Playing the Boards

As Tide spotted on his blog, SWG Creative Director Chris Cao unloaded with both barrels on the SWG boards re: the topic of, well, the SWG boards. The money paragraph:

Roughly 80% of the people who play SWG never read these boards. We know this from our own internal metrics and it poses an interesting question. Are we talking to people who play the game or posters who play the boards?

The boards predictably exploded in a fury of paradoxes, with players yelling “Here! Here! Don’t listen to Those Other Guys!” among the assuredly expected retorts of “I’d play your game if it wasn’t more boring than this message board.”

This is mildly interesting in an SOE-watcher sense (one wonders how much commitment post-Raph Koster SOE has to a vibrant forum community, especially given the unrelieved anger of disenfranchised pre-NGE players) but more interesting from a more general standpoint. Specifically: is Cao correct? Are MMO forums so high-volume and high-noise that they are useless as forms of usable feedback?

Well, it certainly depends on the game. Even within the same company, a game’s official forums can have a wildly different tenor: consider the Everquest 2 forums viz the SWG forums. Different games can give a different pitch to their forums. Whether or not the game is actually doing well is completely irrelevant: even though the game has struggled, the Matrix Online forums are pretty congenial, and the World of Warcraft forums, um, well, aren’t. It is probably not a coincidence that the MXO forums are much lower traffic than the WoW forums.

What becomes a problem is what Cao alludes to in his post; where meta-gaming the forums becomes a goal for being more powerful in-game. Some of the worst forums to read in any game are forums devoted to class balance issues, because many players see this as where they need to petition for redress at being too weak, or protest when they feel they’ve been nerfed unfairly for being too strong. It’s a vicious cycle, and one made even fiercer when players of competing classes chime into the chorus. Usable feedback? Nil.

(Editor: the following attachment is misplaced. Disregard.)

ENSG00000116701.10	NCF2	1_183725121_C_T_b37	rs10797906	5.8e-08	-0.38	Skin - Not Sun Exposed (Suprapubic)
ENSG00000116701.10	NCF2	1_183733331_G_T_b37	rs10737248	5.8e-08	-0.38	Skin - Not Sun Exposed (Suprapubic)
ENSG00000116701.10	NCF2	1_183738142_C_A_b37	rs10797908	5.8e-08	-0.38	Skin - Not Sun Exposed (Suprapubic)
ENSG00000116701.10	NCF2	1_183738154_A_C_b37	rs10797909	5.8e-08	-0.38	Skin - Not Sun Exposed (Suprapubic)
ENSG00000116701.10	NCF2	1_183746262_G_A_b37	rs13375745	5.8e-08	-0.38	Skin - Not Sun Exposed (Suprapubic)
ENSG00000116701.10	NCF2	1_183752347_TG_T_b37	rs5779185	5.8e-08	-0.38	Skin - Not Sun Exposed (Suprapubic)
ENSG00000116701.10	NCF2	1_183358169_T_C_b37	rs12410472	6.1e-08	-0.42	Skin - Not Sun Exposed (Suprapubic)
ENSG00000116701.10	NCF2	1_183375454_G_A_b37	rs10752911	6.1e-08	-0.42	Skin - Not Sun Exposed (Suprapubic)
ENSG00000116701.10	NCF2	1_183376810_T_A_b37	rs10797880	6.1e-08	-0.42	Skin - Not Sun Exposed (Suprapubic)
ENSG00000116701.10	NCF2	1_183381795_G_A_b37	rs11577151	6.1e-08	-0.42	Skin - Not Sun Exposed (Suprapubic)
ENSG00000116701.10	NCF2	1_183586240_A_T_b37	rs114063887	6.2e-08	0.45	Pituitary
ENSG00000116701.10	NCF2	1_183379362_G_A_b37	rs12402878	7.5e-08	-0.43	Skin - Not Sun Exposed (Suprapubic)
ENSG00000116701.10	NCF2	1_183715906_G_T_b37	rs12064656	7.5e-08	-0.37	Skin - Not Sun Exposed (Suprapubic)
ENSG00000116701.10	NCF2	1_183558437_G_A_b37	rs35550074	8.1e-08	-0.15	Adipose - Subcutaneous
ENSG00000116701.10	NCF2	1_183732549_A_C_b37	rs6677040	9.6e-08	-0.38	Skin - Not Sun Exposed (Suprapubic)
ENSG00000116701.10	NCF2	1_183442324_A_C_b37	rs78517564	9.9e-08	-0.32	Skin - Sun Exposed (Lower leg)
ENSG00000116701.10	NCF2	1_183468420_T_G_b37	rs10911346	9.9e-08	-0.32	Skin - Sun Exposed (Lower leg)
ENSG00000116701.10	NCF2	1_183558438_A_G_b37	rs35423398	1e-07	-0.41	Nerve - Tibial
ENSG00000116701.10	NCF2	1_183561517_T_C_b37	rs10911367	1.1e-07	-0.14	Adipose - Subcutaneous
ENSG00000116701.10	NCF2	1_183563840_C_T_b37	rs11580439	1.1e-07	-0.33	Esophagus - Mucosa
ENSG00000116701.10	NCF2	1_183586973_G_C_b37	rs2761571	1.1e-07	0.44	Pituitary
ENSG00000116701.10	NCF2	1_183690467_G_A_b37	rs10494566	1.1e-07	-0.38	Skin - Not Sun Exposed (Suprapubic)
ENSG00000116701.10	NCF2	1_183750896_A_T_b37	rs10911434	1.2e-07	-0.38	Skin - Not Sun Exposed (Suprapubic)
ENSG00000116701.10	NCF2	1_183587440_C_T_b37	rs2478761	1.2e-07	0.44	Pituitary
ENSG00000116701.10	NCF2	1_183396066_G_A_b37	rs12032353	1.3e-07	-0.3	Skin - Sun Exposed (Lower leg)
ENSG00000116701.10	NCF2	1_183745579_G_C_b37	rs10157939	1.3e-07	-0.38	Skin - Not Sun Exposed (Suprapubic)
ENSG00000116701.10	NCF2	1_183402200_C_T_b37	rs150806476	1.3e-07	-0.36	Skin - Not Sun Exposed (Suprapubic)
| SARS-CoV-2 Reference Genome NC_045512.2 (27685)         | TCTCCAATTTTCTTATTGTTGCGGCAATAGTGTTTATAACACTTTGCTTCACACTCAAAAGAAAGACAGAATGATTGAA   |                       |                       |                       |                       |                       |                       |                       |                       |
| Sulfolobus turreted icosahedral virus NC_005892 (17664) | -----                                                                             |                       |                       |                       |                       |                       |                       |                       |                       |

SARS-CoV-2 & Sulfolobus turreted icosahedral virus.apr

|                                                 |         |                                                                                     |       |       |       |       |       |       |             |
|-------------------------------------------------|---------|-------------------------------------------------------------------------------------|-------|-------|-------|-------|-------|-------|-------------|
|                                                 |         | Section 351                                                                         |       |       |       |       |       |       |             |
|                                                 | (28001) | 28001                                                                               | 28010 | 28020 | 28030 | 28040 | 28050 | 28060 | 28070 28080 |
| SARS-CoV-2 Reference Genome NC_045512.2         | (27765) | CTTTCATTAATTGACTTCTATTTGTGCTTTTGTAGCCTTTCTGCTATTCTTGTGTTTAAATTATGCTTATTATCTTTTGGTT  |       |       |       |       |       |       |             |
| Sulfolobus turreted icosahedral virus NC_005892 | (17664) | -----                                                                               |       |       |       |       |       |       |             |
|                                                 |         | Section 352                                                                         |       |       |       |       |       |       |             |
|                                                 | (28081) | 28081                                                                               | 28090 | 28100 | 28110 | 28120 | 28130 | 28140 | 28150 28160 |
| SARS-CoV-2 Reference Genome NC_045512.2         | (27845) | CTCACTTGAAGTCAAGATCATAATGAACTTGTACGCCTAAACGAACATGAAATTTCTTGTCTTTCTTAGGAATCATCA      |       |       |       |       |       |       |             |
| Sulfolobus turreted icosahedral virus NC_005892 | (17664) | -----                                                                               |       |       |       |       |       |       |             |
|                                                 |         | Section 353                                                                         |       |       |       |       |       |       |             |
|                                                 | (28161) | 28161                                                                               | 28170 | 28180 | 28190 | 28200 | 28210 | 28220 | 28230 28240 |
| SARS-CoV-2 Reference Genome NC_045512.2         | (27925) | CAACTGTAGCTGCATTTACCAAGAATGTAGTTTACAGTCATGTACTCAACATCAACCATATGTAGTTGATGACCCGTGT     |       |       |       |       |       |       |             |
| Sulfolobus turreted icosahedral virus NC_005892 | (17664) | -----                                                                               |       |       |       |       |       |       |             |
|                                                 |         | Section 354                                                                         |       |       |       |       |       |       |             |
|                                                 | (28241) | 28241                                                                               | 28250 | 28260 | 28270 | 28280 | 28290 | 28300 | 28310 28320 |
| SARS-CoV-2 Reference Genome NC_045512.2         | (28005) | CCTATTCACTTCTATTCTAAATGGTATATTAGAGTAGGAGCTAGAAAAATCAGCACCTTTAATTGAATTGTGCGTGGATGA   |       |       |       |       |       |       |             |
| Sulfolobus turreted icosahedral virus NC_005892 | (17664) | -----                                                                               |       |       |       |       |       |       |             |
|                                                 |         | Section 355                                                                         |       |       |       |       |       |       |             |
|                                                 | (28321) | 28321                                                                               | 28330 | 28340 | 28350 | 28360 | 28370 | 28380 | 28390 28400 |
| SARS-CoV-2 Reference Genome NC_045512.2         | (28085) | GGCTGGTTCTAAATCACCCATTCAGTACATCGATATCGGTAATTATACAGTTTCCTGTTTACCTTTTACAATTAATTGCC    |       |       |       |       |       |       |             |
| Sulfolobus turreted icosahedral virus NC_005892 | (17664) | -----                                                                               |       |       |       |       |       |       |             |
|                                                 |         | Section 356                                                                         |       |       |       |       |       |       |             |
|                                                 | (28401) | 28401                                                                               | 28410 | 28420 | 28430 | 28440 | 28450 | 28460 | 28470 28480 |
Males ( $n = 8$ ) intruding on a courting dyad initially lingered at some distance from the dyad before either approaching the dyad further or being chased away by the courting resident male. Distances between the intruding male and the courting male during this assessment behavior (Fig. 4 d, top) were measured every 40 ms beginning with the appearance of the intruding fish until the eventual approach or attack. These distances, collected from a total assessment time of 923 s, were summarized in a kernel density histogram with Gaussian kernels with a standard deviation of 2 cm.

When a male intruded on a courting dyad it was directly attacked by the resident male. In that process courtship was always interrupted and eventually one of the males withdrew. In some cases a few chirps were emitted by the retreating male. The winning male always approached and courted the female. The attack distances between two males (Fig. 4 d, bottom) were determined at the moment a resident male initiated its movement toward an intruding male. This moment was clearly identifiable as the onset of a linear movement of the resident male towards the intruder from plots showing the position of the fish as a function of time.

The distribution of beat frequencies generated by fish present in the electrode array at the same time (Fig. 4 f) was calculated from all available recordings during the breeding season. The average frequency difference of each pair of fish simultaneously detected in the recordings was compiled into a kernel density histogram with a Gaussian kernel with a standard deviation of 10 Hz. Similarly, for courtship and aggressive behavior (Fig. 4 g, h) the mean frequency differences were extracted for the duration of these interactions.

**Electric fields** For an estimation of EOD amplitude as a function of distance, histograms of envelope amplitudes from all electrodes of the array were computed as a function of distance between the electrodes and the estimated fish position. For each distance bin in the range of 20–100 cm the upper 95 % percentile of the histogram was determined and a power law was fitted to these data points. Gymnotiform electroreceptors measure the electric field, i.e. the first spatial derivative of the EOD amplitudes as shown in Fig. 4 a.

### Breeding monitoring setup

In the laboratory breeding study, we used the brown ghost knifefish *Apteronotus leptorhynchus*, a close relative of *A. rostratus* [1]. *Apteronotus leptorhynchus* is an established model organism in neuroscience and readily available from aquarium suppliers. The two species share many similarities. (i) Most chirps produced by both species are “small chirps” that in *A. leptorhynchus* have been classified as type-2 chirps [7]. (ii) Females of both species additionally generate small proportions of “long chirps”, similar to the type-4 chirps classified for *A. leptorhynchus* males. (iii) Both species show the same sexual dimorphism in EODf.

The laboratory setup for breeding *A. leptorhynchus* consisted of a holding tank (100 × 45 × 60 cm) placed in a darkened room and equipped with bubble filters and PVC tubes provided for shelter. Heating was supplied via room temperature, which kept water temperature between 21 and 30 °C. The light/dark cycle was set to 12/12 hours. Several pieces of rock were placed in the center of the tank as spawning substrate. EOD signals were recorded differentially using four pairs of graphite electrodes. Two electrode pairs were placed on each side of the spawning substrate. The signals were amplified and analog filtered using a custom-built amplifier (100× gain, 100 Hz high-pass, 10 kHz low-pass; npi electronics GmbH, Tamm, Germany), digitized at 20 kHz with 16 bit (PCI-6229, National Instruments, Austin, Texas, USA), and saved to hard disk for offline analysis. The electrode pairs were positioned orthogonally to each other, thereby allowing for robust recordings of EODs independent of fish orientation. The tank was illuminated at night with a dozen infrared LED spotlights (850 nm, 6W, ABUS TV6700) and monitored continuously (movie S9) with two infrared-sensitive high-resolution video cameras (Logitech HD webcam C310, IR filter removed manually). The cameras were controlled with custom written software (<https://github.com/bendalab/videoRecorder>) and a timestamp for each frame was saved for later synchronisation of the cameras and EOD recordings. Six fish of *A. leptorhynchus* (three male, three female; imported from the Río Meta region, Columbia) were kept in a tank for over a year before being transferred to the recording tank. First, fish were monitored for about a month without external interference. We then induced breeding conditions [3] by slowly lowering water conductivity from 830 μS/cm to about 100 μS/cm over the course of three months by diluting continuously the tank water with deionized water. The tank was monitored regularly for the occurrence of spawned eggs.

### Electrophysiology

Necessary feedback? Probably. Filtering it may be more of an art than a science, but it’s something that a developer has to be aware of. If a good portion of their users feel disenfranchised, then that perception can become self-perpetuating, beyond any measure of reality. A good illustration of that is in DAOC, a class was introduced in an expansion (I won’t mention which, though I’m sure DAOC players can guess) that was wildly, ridiculously overpowered in PvP combat. While other realms were complaining loudly, and with no little justification, that they were being steamrollered, the owning realm’s partisans on the boards protested every adjustment to the class with the somewhat surreal argument that since their morale was so low from Mythic clearly hating them and playing for the other team and nerfing them constantly for years, it was only fair that they have a wildly overpowered class. The really odd thing was that for many people, this logic made sense. Eventually, that class was adjusted into the realm of reality, and the players moved on to arguing about yet another clearly overpowered and justifiably so class.

Too much of this feedback can be harmful, to the point that it can directly harm your project. To illustrate this, I need only point you to the Sword of the Stars community. Sword of the Stars is an extremely ambitious 4x space strategy game crippled (in my mind, anyway) by wildly oversimplified game systems and a wildly overcomplicated user interface. The developers, however, have taken any criticism of their baby extremely poorly, and their community has cheered them on every step of the way. It’s an echo chamber within a bunker. Anyone with actual feedback on, you know, what might be wrong with the game is quickly shouted down. Not all feedback is helpful.

At the same time, the opposite extreme of just ignoring any feedback is equally harmful. If people are paying you money every month, it’s in your financial interest to keep them doing so. That means you should probably listen when they have problems. MMO forums tend to be canaries in coal mines. If they start dropping dead, you may want to check your air supply.

As Cao’s metrics stated, only 20% of MMO players access their official forums (and honestly, I’d say that figure was pretty high). But you ignore those 20% at your peril. And you listen to them at your peril.

Wow. If only there were professionals who handled community forums for a living.

(Edit 10/6 3:00p: corrected Cao’s title)